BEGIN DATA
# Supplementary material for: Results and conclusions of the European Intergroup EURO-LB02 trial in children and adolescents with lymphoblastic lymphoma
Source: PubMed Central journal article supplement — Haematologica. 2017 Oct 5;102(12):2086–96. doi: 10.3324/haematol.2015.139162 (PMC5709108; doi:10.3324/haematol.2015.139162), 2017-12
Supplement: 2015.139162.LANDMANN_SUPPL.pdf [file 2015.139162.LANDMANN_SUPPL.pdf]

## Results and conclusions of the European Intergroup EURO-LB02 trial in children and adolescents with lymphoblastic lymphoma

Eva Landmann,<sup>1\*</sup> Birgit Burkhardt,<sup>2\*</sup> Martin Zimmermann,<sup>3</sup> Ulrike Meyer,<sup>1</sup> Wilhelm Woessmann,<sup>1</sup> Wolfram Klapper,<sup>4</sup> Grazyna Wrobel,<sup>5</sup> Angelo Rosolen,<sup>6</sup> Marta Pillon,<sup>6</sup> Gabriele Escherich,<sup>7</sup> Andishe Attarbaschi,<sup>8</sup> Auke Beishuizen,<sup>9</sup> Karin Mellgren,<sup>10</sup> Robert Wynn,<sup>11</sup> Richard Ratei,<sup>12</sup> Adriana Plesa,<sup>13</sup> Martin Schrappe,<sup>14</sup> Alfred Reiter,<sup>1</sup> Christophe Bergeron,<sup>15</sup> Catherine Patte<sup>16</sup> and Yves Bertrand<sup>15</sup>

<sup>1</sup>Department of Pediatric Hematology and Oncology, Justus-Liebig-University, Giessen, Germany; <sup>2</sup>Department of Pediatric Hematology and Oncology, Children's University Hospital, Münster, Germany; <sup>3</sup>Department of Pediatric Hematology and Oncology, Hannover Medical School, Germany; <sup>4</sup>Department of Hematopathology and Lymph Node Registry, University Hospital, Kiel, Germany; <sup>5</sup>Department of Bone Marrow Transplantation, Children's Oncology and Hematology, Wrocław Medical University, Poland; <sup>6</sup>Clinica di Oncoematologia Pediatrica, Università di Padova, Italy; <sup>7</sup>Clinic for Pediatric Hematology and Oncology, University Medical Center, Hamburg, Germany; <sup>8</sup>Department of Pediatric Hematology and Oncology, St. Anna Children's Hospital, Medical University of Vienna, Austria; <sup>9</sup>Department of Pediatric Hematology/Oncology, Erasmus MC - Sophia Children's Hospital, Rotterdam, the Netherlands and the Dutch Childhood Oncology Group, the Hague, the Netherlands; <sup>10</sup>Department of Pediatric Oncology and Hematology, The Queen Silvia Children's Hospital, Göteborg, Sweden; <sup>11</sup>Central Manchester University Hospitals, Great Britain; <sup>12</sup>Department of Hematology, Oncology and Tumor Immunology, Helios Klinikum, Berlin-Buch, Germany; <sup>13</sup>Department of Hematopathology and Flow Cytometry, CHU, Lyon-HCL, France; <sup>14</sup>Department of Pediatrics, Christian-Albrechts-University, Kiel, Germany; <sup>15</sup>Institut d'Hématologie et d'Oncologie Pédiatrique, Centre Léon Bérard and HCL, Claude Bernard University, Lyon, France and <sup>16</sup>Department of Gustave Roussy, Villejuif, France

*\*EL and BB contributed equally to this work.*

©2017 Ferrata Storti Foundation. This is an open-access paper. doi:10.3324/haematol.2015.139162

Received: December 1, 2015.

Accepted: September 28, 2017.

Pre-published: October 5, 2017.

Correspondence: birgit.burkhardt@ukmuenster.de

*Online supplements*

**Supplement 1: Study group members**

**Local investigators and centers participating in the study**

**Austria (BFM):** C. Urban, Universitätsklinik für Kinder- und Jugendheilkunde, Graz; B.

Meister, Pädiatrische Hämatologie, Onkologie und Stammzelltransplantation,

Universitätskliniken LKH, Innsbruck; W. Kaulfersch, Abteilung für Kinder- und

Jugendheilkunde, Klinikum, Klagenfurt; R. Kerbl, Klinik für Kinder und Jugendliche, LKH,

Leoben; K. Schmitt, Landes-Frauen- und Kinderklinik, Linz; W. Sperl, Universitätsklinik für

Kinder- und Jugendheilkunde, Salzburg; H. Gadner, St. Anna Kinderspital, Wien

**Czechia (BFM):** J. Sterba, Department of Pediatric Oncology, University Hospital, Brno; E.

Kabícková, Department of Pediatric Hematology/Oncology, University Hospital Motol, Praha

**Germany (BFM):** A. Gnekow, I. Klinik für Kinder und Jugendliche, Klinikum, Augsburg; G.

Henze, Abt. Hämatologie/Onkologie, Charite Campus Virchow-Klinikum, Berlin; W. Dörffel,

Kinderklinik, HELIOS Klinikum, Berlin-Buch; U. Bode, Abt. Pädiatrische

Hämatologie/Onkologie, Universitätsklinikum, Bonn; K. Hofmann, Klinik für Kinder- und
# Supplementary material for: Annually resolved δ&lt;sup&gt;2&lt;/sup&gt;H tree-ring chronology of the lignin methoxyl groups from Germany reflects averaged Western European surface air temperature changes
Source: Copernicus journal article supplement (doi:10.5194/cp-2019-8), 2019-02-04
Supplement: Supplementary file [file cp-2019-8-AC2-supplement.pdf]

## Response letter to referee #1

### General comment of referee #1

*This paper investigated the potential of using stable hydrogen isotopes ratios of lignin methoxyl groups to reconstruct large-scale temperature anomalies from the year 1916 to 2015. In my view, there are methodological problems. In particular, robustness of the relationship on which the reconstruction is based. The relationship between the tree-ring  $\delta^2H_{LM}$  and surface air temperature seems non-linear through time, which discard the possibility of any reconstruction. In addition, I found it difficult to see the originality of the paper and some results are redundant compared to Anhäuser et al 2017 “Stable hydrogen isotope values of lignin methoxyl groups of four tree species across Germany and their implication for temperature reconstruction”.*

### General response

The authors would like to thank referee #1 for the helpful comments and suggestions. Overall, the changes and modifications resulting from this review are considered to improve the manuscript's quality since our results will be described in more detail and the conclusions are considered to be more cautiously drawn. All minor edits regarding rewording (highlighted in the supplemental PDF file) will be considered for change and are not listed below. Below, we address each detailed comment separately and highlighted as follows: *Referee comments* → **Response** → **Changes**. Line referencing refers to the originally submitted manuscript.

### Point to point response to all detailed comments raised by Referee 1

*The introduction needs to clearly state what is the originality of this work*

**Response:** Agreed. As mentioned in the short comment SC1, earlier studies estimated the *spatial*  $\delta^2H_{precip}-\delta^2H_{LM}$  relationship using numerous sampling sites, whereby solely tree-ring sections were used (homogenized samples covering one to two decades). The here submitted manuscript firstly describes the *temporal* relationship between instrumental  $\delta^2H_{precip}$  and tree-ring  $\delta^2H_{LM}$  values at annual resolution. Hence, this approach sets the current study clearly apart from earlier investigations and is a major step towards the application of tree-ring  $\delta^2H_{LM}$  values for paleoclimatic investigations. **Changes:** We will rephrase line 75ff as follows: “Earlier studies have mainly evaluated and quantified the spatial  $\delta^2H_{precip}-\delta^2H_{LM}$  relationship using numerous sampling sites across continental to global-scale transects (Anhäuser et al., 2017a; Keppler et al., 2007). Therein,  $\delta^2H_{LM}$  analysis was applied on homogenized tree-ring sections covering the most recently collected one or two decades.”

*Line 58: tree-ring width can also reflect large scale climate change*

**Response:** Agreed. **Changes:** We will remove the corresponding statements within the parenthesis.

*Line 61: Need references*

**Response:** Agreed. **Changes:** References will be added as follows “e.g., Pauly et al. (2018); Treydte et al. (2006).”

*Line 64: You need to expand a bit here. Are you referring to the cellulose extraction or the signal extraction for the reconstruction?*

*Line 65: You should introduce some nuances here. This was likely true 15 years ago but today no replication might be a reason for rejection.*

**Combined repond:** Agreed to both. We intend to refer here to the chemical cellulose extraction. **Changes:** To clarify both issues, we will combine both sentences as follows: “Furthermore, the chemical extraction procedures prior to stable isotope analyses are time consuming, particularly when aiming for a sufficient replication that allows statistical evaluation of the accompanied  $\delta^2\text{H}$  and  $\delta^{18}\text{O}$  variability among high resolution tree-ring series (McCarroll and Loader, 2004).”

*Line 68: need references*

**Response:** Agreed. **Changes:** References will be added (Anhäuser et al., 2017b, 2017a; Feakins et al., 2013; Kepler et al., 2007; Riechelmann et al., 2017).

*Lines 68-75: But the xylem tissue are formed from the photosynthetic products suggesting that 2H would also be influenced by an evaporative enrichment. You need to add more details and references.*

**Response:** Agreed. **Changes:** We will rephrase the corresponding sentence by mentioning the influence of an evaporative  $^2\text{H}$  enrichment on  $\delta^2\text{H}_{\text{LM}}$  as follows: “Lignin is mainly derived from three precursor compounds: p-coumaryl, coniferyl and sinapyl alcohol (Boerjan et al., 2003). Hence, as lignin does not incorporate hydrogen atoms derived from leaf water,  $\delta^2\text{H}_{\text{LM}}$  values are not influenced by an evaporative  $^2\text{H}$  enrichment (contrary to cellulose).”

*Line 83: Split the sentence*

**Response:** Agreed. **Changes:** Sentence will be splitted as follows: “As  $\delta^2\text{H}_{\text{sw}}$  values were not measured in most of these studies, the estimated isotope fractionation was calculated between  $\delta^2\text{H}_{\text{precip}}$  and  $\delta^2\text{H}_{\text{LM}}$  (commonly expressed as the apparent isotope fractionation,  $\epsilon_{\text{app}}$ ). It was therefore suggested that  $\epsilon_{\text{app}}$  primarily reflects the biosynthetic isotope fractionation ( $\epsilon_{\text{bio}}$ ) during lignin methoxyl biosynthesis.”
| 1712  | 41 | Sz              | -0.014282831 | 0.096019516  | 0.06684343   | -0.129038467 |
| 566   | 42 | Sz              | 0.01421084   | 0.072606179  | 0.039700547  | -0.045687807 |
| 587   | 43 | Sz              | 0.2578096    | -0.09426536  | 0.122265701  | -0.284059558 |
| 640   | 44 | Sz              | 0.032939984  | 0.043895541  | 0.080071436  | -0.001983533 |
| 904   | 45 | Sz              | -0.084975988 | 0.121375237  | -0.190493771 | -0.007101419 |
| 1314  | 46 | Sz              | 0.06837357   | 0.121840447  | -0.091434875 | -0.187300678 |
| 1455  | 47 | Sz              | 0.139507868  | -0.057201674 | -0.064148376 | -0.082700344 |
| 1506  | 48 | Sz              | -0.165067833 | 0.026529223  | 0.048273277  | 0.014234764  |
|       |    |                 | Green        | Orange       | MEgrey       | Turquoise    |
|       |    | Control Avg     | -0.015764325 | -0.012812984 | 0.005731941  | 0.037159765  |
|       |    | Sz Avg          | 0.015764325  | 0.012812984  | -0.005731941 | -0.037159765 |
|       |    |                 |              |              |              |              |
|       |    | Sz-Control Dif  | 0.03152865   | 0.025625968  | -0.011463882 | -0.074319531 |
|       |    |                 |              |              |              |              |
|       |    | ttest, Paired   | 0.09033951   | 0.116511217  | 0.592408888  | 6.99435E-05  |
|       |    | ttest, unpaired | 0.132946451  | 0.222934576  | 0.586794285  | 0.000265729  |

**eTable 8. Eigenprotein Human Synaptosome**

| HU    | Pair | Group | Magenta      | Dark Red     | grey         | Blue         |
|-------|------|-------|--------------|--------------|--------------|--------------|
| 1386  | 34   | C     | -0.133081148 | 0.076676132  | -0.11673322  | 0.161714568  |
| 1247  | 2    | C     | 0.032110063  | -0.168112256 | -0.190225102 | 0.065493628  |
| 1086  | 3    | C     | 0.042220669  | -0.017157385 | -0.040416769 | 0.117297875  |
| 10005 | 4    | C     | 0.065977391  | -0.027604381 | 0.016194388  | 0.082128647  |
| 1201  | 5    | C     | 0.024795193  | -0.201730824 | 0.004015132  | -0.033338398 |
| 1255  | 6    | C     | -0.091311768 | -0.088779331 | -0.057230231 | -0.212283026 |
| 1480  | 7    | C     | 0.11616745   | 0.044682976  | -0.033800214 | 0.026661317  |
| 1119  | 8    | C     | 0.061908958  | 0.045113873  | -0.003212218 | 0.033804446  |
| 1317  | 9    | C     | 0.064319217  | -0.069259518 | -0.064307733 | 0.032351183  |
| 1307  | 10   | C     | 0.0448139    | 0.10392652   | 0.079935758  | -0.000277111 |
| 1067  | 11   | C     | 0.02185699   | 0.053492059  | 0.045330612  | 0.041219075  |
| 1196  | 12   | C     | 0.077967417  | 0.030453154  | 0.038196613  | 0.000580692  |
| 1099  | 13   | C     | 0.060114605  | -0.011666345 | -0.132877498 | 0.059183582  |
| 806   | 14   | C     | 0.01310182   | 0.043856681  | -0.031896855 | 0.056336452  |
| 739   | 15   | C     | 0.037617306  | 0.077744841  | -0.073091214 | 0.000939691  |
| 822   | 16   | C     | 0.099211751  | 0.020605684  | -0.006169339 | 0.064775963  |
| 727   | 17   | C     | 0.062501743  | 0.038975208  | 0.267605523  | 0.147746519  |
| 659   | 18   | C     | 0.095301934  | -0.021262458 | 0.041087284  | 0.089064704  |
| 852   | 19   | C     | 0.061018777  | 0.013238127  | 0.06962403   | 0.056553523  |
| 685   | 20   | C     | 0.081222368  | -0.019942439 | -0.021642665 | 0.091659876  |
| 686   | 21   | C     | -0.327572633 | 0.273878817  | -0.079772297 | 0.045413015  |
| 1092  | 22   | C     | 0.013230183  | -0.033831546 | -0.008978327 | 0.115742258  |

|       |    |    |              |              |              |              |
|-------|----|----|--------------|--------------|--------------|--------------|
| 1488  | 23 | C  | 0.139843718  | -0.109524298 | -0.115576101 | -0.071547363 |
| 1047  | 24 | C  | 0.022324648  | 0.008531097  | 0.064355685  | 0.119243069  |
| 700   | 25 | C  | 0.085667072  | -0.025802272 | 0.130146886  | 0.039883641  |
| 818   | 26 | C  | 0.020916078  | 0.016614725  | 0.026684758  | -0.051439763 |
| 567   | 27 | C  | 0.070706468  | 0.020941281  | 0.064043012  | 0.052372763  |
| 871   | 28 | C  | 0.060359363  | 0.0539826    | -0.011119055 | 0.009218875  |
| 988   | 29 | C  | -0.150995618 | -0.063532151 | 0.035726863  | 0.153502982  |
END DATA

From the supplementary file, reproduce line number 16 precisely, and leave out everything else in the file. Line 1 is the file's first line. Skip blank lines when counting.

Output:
**Austria (BFM):** C. Urban, Universitätsklinik für Kinder- und Jugendheilkunde, Graz; B.